See how dipping inflation expectations support a Fed rate cut, which would signal further troubles for income-oriented investors.
June 14, 2019 | 1 minute read
The usual categorizing of policymakers along a spectrum from hawkish to dovish has evolved recently into a conversation about those willing to remain patient with the current policy rate vs. those ready to cut interest rates soon. Data released this week may provide another reason to push policymakers into the rate-cutting camp.
On Monday, the New York Fed reported in its May 2019 Survey of Consumer Expectations that median inflation expectations declined another 15 bps over a one-year horizon and 10 bps over three years. One-year inflation expectations fell to their lowest reading since January 2017.1
Consumer price index (CPI) data, also released this week, showed that inflation pressures have slowed for each of the past three months. CPI increased at a rate of just 0.1% in May and 1.8% on an annual basis.2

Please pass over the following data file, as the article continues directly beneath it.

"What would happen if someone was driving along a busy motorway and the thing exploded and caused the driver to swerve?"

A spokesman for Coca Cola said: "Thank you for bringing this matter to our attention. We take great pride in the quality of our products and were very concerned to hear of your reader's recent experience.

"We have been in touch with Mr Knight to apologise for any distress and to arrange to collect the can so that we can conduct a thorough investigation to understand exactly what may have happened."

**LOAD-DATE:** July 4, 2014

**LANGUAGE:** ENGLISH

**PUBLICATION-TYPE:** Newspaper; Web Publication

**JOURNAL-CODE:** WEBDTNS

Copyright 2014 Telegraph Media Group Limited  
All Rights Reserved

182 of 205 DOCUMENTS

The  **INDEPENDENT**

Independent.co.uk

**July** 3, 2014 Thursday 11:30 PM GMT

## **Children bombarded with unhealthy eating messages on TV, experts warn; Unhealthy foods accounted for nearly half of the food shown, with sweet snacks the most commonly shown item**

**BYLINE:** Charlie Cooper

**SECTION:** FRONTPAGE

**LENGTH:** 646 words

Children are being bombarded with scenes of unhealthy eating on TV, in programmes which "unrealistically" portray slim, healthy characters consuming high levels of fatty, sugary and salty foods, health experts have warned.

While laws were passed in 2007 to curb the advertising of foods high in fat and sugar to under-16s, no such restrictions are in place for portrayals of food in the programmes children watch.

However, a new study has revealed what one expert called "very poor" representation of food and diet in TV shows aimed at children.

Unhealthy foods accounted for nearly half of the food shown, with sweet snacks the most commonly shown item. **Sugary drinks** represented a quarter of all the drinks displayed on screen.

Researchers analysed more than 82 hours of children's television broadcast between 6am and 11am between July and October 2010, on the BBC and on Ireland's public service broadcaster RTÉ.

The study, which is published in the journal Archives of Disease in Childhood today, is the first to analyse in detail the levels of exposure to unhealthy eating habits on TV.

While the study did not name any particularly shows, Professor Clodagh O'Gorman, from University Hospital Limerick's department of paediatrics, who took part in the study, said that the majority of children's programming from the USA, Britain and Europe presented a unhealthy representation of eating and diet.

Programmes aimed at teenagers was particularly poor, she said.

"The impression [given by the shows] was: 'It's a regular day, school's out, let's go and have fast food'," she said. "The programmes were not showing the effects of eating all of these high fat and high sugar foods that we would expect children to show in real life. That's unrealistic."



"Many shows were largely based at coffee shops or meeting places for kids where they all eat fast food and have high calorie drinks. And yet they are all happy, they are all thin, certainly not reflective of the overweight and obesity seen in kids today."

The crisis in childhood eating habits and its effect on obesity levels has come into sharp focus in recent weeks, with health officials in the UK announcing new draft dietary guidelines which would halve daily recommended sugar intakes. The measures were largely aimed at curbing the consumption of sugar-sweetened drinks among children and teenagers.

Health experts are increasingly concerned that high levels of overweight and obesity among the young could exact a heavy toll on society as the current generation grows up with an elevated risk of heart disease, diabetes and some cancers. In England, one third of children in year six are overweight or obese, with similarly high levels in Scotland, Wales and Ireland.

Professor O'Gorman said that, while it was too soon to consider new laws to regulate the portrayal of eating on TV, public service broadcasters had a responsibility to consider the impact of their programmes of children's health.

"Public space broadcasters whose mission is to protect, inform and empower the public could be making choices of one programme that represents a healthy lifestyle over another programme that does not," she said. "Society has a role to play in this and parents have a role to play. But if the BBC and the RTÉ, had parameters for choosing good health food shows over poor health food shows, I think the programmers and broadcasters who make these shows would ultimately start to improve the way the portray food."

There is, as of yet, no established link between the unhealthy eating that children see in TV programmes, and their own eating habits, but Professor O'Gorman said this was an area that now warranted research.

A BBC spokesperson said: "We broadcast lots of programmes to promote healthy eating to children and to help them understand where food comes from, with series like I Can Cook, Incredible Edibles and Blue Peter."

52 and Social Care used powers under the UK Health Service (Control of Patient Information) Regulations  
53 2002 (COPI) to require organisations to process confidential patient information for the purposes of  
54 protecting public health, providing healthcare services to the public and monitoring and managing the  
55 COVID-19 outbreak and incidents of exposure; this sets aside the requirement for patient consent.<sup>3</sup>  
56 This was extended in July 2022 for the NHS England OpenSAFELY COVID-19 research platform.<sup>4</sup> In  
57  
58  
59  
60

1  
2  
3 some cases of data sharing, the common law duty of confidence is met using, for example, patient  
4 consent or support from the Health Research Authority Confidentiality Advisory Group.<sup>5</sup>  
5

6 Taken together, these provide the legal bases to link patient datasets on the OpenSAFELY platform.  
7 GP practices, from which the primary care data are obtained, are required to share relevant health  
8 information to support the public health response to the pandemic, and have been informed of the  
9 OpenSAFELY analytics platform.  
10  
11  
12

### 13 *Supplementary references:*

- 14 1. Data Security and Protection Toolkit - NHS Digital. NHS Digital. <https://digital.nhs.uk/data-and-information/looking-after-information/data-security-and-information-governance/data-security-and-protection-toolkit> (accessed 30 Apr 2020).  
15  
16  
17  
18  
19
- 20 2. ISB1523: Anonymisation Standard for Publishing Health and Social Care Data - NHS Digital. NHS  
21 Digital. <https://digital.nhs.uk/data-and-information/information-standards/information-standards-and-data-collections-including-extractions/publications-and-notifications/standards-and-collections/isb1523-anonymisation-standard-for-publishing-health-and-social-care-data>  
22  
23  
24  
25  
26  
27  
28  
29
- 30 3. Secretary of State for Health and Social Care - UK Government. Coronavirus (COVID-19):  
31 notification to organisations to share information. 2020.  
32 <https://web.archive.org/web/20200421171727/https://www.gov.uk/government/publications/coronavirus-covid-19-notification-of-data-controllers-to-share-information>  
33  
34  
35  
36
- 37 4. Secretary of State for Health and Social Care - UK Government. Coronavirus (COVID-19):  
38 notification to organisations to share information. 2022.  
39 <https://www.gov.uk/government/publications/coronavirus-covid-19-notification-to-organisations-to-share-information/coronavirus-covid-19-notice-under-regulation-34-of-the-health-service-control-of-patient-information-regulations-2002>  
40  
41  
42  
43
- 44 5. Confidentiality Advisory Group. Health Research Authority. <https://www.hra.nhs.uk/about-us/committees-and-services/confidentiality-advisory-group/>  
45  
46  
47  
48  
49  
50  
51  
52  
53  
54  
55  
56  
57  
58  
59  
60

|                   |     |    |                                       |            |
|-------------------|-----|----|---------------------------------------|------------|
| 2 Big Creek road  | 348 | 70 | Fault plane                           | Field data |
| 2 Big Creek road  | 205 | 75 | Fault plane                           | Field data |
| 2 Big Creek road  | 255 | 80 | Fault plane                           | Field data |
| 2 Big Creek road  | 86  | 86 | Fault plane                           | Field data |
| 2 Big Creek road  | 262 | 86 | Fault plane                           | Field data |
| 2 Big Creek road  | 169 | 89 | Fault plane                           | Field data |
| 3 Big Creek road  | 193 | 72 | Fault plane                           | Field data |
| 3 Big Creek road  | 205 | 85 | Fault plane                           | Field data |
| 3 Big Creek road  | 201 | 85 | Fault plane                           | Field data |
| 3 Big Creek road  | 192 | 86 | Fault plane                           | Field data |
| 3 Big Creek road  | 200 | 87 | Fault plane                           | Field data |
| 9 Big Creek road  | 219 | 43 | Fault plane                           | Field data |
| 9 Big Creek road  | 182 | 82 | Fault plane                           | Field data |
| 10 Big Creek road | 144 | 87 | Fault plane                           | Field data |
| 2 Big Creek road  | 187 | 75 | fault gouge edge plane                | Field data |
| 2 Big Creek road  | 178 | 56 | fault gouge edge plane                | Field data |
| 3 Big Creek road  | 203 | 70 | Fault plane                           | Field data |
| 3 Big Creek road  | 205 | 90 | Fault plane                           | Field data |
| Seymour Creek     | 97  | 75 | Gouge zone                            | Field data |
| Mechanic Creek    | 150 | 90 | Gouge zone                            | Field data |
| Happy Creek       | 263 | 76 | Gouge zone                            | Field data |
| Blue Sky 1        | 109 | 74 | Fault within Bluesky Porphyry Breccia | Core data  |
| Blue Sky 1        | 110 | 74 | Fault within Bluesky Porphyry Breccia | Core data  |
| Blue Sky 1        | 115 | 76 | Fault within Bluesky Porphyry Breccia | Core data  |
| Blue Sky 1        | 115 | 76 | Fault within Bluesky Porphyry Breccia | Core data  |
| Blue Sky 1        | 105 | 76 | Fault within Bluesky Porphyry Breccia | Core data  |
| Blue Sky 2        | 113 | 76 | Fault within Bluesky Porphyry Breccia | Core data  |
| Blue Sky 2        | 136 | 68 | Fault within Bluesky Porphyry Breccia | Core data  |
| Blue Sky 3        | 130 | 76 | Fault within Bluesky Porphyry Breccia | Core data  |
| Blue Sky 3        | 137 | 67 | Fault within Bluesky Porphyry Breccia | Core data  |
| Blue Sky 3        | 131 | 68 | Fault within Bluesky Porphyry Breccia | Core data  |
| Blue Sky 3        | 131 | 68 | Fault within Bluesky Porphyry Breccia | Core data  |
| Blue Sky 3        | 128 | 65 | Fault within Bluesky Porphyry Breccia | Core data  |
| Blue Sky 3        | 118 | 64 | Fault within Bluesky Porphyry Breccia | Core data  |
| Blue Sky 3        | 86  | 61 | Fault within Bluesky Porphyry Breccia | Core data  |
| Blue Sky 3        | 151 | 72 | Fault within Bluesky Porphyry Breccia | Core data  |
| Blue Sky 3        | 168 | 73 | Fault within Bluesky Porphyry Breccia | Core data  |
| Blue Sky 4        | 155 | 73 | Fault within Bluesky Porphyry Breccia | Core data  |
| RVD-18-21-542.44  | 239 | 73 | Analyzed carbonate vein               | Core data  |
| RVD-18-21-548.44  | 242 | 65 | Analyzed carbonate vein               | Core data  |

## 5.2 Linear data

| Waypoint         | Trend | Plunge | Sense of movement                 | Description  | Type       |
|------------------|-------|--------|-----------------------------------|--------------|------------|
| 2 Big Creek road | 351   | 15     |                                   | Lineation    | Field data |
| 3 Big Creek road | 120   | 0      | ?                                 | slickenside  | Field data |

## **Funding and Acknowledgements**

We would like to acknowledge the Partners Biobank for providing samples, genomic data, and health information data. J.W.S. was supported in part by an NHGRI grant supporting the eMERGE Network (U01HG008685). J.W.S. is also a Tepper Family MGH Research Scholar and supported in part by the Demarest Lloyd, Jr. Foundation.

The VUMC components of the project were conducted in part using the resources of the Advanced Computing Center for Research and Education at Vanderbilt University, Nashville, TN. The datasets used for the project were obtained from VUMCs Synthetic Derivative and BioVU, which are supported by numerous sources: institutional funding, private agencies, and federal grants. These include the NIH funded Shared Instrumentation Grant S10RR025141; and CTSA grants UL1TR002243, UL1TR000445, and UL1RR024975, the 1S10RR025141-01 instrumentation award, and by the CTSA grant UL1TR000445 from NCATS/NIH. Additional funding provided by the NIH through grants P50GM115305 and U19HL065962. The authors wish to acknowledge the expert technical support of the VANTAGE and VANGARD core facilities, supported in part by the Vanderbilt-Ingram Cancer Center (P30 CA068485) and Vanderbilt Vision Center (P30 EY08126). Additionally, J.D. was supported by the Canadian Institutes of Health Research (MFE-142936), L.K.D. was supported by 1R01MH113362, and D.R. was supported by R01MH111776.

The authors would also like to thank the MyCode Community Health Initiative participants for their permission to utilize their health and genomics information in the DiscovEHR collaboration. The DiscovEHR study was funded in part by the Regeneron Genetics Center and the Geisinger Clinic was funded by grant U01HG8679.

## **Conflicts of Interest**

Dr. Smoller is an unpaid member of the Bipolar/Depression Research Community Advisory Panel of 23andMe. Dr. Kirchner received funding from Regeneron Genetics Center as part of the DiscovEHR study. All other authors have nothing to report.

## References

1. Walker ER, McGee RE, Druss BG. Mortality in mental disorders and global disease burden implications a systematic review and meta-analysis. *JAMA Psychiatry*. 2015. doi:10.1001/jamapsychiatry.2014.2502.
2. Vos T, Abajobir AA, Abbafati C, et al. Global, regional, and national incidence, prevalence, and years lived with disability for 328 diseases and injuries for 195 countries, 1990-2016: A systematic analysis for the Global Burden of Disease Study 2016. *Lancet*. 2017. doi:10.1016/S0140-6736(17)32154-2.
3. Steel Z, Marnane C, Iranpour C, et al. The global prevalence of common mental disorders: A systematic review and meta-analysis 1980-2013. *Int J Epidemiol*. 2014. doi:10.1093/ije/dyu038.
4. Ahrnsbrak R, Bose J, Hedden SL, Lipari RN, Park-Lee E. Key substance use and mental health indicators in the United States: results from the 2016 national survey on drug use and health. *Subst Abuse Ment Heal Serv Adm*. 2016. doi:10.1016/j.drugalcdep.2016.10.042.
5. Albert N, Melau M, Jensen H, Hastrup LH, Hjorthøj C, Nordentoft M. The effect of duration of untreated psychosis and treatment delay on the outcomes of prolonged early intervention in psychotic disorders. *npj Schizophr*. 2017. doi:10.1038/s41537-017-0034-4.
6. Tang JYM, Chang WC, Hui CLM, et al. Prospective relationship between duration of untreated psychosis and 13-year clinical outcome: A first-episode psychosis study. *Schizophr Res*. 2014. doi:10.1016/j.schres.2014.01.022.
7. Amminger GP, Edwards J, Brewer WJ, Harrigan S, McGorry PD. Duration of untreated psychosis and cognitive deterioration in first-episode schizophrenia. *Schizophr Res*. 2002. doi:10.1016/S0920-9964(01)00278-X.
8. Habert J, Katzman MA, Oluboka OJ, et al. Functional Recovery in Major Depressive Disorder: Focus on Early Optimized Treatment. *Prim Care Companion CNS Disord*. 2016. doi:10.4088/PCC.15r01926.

By nearly all measures, inflation has been running under 2% since the Fed set it as a target in 2012. Sentiment data like the New York Fed released this week is especially important, however, because research shows that expectations have become “the dominant factor” in explaining inflation dynamics since the Great Recession.3
The market currently assigns an 85% probability that the Fed will lower rates at its July meeting.4 Markets will likely be disappointed if the Fed doesn’t signal a lower direction at its June meeting. However, sending that signal would confirm for income-oriented investors there’s no end in sight to the current era of low interest rates.